• Initial stage (or pre-trial stage), which starts with the initial hearing, commonly known as the Master Calendar Hearing (MCH),
  • Merit hearing (or individual hearing), which culminates in the court's final decision and judgment, and
  • Post-hearing (or post-trial), which may be necessary for filing motions to reconsider or reopen.

The immigration court's final judgment may be appealed to the Board of Immigration Appeal (BIA), and subsequently, and if warranted, to the appropriate United States court of appeals.

What happens at the initial hearing?

The removal proceeding starts, when ICE files the Notice to Appear (NTA).  The NTA will show the date, time, and place of the initial hearing.  The hearing is called a Master Calendar Hearing (MCH). This hearing is usually short, as several other cases are also scheduled for their initial hearing during the same court session.

At the initial hearing, you may address or challenge the issues raised in NTA, inform the court that you are planning to request some form of immigration relief, request additional time to retain an attorney, request a change of venue to a location closer to your home, and, if you are detained, request a bail determination or reduction.

Depending on the circumstances, the court may postpone the initial hearing to a later date or schedule you for an individual hearing (“merit hearing”), where you can present your claims for relief.

If you have not yet retained an attorney and request additional time to retain one, the court may postpone the initial hearing for a short period of time.  If you are the beneficiary of a pending immigration petition that would allow you relief, if granted, the court may postpone the initial hearing for sufficient time to allow the USCIS to decide your petition. In short, the immigration court may postpone the hearing for a short or a very long period of time, depending on the circumstances and the reasons that you may provide to support the request.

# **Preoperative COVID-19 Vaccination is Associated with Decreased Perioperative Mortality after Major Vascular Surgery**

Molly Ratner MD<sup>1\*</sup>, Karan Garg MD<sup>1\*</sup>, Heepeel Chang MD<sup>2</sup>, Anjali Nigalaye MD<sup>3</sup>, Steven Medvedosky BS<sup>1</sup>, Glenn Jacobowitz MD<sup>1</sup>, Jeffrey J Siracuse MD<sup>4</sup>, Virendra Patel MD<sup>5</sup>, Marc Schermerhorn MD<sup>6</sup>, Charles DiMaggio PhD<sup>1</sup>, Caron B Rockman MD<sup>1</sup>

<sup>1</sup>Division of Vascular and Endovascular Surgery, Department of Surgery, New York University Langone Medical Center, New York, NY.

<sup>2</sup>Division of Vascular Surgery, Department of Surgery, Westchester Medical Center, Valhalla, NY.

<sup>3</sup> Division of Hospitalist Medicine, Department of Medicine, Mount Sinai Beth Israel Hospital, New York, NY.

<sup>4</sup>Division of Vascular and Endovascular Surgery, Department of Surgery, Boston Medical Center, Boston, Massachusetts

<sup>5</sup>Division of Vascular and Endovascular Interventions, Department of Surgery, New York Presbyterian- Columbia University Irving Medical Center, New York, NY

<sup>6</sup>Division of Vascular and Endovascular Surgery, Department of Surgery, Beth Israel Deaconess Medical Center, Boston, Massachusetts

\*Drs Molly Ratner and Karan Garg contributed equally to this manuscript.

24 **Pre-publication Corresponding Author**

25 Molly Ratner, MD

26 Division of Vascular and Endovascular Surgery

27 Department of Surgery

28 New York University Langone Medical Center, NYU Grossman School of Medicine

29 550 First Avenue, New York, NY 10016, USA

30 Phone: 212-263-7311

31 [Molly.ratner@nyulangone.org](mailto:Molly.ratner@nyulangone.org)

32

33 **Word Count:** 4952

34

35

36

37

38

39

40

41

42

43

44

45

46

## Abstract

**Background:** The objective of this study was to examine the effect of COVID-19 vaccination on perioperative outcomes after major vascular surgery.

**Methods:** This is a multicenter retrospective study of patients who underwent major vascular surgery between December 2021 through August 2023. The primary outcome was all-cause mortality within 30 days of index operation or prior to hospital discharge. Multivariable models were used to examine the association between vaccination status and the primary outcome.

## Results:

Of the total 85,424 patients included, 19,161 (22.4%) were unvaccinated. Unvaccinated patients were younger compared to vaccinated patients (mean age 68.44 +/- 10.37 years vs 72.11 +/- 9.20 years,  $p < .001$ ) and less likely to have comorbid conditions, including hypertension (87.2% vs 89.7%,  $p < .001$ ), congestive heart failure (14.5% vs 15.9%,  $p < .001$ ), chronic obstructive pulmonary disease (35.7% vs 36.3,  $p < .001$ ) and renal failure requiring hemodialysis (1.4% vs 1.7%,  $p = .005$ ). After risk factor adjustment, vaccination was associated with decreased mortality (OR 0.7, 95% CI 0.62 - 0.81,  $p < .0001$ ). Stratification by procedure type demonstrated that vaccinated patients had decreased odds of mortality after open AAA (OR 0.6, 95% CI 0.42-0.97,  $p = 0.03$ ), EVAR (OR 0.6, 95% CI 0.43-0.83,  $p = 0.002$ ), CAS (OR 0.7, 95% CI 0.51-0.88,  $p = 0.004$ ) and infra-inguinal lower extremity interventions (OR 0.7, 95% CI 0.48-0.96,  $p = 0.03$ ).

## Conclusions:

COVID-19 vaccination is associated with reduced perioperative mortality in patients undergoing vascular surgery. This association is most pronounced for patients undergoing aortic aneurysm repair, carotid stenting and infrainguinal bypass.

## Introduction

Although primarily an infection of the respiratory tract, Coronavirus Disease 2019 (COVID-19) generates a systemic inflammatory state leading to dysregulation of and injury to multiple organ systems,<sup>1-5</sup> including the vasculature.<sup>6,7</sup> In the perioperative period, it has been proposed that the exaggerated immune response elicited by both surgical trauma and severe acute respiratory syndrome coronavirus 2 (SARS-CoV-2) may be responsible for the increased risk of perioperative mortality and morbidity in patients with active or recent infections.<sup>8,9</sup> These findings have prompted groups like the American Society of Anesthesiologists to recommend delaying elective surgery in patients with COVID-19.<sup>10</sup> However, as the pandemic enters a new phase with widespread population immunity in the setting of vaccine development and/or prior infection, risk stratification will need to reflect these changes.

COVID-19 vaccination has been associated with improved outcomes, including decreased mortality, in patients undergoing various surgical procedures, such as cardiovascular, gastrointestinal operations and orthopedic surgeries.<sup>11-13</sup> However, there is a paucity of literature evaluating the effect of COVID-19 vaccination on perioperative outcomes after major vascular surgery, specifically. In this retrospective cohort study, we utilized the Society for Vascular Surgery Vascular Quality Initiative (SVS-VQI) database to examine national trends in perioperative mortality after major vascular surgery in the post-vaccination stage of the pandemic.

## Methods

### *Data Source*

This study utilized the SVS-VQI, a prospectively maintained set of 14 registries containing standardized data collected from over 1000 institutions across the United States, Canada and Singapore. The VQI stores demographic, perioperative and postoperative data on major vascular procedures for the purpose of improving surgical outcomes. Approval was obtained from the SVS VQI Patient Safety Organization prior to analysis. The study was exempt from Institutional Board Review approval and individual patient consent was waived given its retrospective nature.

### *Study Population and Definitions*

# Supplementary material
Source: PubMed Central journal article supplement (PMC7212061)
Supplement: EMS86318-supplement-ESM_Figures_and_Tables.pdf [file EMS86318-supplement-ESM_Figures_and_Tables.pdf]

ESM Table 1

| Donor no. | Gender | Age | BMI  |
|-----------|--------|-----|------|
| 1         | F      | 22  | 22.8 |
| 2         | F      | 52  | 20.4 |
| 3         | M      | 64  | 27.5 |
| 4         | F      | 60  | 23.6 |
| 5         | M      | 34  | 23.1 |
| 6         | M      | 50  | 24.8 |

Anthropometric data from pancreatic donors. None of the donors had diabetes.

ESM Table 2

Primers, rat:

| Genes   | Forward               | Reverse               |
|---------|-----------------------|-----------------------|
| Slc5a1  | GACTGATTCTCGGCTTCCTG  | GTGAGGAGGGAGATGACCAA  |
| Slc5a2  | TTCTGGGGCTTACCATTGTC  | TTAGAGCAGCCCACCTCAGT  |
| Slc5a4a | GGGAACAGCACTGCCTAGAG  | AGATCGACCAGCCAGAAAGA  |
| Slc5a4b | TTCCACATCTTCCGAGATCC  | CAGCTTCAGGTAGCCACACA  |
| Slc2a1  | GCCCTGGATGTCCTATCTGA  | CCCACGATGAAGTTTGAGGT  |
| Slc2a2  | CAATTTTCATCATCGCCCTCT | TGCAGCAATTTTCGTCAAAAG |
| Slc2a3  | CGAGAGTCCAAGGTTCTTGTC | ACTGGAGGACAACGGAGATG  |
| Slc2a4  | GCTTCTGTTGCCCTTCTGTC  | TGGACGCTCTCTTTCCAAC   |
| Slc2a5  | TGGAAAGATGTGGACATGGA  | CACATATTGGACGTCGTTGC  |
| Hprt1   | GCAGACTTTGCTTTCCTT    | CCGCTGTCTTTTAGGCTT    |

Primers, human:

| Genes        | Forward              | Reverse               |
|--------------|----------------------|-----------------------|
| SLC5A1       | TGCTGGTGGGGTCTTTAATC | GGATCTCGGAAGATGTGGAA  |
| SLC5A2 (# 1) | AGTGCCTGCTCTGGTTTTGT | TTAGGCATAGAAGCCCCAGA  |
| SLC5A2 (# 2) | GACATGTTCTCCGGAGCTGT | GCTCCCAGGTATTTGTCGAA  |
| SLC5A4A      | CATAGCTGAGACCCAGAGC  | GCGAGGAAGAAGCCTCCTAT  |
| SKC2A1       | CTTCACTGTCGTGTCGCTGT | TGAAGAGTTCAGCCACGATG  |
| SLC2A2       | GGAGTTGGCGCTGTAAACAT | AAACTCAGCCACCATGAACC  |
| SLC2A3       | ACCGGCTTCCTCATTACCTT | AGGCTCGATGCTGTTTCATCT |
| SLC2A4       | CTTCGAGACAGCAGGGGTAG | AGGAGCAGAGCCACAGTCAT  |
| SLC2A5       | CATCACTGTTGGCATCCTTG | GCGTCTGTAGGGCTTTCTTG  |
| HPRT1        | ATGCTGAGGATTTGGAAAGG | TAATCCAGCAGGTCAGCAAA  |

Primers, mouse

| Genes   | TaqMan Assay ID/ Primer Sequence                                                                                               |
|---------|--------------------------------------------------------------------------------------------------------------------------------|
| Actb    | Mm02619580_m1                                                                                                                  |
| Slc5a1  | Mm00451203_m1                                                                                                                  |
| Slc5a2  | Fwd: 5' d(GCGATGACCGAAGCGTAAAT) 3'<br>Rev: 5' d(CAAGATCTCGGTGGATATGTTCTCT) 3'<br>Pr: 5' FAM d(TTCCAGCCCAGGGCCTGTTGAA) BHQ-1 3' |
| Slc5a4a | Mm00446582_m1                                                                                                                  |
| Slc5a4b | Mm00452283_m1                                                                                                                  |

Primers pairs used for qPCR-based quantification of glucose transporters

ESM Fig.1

What happens at the individual hearing?

The individual or merit hearing is where you will have the full attention of the immigration judge. These hearings are substantially longer than an initial hearing.  This is where you may challenge the allegations raised in the NTA or present evidence (documents, witnesses, experts, etc.) supporting your claim for the immigration relief that you are seeking from the court. At the end of this hearing, the court will issue its opinion and judgment-- either verbally right then or in writing at a later date.

Individual hearings are usually scheduled in 4-hour blocks. Depending on the number of witnesses and exhibits that you wish to present, the amount of time that such presentation may reasonably consume, and the court's availability to schedule subsequent time slots, an individual hearing may take a long time (even years) to complete.

What happens during the post-hearing stage?

If after the conclusion of the individual hearing, one of the parties (you or ICE) discovers new facts, that party generally would have ninety (90) days from the date of the immigration judge's decision to file a motion to reopen the proceeding.